by Rod Johnson
Whattaya' mean, "tearin' down Pudge's house," and who is "Pudge" anyway? Well, it's a bit of story and may take a few hundred words or so, but worth telling I do believe. Here we go.
Pudge Farnham was an old, white-haired man when I was just old enough to remember, circa 1953. He lived right beside my parent's house, not separated by more than 20 feet or so, right smack dab in the middle of Belgrade Lakes village. The house is gone now, but was located right across from the lime-colored house that we see today.
Pudge was an active fishing guide in the community during his heydays, but was on what one might call the latter end of that career. He still fished for his own food and did an occasional guiding job for a half-day or so, and he sold tidbits of fishing tackle out of what he called his "store," actually the front room of his rickety old two story house. I remember seeing him occasionally coming and going from the house, and also would see him fly fishing down at the dam, or spillway, as some call it.
During a period in the spring when the dam was open and fish were coming up into the spillway to spawn, many unskilled fishermen lined the point that we now call Peninsula Park. Most people fished with worms and caught a ton of small white perch. Pudge would stealthily work his way through the crowd to his favorite spot on the spillway granite wall, then toss a grey ghost streamer fly into the frothing water coming downstream from Great Pond. With small twists of his wrist and forearm he would work the streamer fly so it looked like a smelt coming upstream. Only the big fish would go after his bait and he pulled out some of the biggest hump-back white perch that I have ever seen, as well as an occasional salmon. The "worm dunkers" were in awe as Pudge quickly filled his bucket and worked his way out of the crowd and back up street to his house.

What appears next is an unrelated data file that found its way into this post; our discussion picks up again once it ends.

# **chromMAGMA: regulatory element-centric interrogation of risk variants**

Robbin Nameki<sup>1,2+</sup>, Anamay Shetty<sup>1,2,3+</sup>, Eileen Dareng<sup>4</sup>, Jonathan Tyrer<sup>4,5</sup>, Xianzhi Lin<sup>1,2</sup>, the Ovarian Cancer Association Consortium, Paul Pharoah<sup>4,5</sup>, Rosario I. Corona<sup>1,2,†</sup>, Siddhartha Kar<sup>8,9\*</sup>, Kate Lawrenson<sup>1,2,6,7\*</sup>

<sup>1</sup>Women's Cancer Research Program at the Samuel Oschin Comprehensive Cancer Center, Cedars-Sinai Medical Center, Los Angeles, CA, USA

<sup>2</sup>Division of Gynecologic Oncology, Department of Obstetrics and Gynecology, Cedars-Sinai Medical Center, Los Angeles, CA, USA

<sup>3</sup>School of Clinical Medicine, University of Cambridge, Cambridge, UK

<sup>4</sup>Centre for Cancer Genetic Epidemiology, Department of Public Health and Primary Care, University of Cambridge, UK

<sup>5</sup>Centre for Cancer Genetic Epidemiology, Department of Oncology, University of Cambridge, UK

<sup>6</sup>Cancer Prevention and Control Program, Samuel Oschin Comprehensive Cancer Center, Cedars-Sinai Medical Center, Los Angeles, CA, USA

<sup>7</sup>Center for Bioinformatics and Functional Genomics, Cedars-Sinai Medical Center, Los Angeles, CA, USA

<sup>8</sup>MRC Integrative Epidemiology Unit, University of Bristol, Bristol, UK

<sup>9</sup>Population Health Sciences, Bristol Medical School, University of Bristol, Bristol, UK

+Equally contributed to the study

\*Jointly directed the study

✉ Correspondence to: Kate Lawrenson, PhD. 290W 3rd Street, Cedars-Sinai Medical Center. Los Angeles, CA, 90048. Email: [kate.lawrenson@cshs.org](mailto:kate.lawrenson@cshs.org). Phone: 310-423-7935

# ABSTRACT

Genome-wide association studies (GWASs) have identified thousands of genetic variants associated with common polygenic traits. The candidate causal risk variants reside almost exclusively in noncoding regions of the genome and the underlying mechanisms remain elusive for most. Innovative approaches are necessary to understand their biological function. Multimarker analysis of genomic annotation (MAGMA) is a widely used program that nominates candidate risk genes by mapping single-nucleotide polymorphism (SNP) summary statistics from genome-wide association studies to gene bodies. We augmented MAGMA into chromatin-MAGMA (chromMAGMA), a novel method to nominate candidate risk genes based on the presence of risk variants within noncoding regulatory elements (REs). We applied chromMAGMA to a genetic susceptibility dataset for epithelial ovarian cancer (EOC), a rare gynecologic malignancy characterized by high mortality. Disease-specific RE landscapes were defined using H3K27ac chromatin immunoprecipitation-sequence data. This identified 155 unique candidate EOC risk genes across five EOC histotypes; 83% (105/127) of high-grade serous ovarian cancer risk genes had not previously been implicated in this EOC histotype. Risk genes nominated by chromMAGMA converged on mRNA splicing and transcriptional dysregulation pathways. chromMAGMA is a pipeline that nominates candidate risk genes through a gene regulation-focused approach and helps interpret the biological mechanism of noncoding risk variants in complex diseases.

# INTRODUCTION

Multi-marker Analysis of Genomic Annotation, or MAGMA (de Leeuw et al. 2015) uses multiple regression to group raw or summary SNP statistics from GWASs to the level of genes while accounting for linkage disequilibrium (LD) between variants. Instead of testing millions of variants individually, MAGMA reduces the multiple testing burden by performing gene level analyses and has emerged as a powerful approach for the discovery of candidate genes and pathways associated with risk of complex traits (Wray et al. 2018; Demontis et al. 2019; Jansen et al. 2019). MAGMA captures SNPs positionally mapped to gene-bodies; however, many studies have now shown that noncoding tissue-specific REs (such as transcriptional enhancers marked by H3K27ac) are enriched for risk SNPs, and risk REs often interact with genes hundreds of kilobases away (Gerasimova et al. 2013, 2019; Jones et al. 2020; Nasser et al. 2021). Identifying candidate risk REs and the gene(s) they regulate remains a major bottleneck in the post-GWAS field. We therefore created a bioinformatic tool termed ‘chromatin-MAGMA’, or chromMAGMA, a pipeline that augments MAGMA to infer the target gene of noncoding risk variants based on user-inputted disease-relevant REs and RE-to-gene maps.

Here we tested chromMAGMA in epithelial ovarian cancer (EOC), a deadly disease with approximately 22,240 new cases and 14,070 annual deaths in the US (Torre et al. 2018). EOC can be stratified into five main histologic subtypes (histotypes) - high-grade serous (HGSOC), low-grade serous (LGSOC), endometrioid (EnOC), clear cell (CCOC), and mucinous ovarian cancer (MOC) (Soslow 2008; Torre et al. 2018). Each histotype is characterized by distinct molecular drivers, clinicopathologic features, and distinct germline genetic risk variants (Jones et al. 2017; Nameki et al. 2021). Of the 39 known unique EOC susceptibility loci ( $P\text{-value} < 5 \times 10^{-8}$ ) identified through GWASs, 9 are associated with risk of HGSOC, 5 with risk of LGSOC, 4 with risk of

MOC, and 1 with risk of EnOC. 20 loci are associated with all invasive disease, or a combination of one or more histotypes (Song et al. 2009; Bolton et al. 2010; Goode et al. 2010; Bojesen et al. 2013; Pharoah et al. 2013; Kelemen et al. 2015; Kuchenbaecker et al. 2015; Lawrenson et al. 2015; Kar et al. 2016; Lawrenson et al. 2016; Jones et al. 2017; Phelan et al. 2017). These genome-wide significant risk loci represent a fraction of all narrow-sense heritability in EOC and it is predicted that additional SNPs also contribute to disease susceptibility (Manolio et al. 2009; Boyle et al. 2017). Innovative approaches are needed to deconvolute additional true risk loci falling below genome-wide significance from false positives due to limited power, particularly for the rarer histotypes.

As the 1950s moved along, we kids saw less and less of Pudge wandering the village street. One spring or early summer, I'm guessing about 1958, I saw my Dad going into Pudge's front door with a couple of men, one of whom I knew was Harold Tukey, our neighbor and local game warden. The men returned onto the porch and were talking quietly and soon we kids, now early teenagers, got the word that Pudge had died in his bed. In those days it was not really uncommon for old folks to die at home alone and not have it known until the neighbors realized they hadn't seen them out for a few days. Another of our old guides had passed and the lot was waning each year.
Over the next year or so, my parents bought the vacant house and land from Pudge's daughter. Their intent was to tear the old house down and make room for a large flower garden that my mother had always wanted to put in. As fall and winter came on and the tourists had long since headed back home, my dad and older brother started to tear down the big house. In those days it was one board at a time, and seemed like an endless job. We youngsters found it fun to rip and tear a few boards off each day after school, and soon some of the unemployed village men and women came wandering across the lawn with their hammer or pinch bar. We started a small bonfire each day and tossed in what we tore off.
The project took on a village appeal and by the time the snow began to fly, only a cellar hole remained. We burned the bottom floor in place and it fell into the hand-dug cellar. In the spring, Paul Hammond came with many truckloads of fill, and the spot became a lawn. Half way through the next summer, mother had a nice round flower garden in the middle of the lot, which I think at least partially exists today.
I, for one, will remember Pudge Farnham as one of the best fishermen in town. There are pictures of him, his house and other guides hanging in the LRC building, as well as the Belgrade Historical records.
Rod Johnson was born and raised in the Belgrade Lakes in the 1950s and '60s.